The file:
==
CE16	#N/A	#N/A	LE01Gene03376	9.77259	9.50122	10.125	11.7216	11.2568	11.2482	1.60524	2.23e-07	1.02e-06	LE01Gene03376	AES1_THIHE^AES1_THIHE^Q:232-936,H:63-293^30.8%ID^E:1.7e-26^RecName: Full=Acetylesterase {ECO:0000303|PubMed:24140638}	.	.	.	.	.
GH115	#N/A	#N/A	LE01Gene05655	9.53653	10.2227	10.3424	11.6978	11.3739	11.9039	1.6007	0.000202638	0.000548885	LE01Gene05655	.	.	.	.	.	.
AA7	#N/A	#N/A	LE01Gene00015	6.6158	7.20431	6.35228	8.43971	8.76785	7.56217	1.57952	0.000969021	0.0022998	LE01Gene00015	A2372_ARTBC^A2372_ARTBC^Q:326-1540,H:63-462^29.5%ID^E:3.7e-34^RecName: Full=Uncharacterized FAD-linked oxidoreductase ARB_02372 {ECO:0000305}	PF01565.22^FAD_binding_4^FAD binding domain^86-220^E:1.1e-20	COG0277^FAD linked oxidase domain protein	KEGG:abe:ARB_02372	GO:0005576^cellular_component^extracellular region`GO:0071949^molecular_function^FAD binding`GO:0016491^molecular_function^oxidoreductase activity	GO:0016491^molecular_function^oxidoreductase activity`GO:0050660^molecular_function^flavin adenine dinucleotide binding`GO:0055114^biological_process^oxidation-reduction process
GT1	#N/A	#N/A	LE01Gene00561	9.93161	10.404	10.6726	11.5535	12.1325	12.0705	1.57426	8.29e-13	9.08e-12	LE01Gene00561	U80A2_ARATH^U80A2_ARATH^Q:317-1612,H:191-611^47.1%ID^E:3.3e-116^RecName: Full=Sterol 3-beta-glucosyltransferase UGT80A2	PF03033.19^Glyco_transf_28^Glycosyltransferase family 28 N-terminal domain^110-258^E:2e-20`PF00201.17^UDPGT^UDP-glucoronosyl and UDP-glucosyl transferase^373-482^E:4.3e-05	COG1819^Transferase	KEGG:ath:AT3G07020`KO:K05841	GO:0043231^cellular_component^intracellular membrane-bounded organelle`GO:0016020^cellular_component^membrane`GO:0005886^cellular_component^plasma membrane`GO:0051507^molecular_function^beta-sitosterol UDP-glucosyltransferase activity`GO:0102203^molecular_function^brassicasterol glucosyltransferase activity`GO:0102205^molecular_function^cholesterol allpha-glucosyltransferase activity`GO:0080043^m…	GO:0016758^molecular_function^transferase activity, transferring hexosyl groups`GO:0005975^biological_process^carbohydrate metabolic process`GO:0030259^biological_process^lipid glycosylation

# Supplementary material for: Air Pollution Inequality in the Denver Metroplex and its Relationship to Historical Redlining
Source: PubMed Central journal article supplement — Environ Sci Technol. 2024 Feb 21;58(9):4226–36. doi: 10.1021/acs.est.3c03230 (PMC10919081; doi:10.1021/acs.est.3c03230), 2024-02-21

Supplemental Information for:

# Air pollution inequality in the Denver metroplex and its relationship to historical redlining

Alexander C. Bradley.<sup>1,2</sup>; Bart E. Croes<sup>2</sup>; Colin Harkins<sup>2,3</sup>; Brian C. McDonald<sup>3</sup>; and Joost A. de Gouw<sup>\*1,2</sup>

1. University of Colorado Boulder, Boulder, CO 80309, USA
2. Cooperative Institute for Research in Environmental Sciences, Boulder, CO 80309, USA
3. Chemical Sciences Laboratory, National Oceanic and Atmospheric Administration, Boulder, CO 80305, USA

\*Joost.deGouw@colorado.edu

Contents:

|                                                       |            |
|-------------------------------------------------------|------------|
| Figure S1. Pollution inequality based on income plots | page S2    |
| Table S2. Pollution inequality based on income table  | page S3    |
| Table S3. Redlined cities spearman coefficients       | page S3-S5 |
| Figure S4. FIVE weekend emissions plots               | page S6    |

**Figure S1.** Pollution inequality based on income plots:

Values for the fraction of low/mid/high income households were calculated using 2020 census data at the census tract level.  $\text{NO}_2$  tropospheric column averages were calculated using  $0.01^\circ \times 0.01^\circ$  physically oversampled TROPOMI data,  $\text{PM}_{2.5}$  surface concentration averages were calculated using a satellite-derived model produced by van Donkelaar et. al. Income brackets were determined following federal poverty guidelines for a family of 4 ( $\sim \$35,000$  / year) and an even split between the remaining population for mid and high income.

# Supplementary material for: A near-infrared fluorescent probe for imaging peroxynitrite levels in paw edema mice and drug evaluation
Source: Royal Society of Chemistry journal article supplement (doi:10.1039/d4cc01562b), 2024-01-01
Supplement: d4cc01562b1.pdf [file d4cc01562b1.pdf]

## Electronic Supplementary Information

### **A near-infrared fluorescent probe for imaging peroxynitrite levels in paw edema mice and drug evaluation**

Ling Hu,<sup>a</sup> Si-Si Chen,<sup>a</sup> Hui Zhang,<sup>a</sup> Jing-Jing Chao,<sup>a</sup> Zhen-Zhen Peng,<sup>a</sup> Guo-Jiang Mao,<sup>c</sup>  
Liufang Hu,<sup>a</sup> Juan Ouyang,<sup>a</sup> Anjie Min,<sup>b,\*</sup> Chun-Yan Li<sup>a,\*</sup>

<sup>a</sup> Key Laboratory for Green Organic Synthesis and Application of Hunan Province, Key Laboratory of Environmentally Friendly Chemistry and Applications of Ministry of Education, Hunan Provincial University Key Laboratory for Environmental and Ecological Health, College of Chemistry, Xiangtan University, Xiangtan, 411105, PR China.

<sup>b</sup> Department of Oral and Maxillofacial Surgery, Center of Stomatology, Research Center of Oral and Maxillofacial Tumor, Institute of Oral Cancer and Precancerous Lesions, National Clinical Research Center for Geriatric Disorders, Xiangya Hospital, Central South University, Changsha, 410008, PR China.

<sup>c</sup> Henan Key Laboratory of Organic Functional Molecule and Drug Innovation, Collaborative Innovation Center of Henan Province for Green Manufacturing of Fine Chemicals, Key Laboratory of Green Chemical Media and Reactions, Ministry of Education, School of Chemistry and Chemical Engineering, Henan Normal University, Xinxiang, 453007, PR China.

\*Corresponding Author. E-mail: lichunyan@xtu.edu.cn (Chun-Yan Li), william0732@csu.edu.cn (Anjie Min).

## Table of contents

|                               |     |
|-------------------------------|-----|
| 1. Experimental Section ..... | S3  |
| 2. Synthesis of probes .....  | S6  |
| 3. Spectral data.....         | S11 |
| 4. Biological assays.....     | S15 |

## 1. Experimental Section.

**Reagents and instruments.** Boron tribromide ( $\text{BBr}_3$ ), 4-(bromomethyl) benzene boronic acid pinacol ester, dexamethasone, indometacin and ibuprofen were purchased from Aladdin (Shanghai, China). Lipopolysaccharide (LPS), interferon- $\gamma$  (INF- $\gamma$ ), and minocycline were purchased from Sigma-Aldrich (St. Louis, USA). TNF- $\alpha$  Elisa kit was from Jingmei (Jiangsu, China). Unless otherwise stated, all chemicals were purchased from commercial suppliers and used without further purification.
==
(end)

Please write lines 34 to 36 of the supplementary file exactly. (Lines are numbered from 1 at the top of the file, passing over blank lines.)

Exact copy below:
## Table of contents

|                               |     |
|-------------------------------|-----|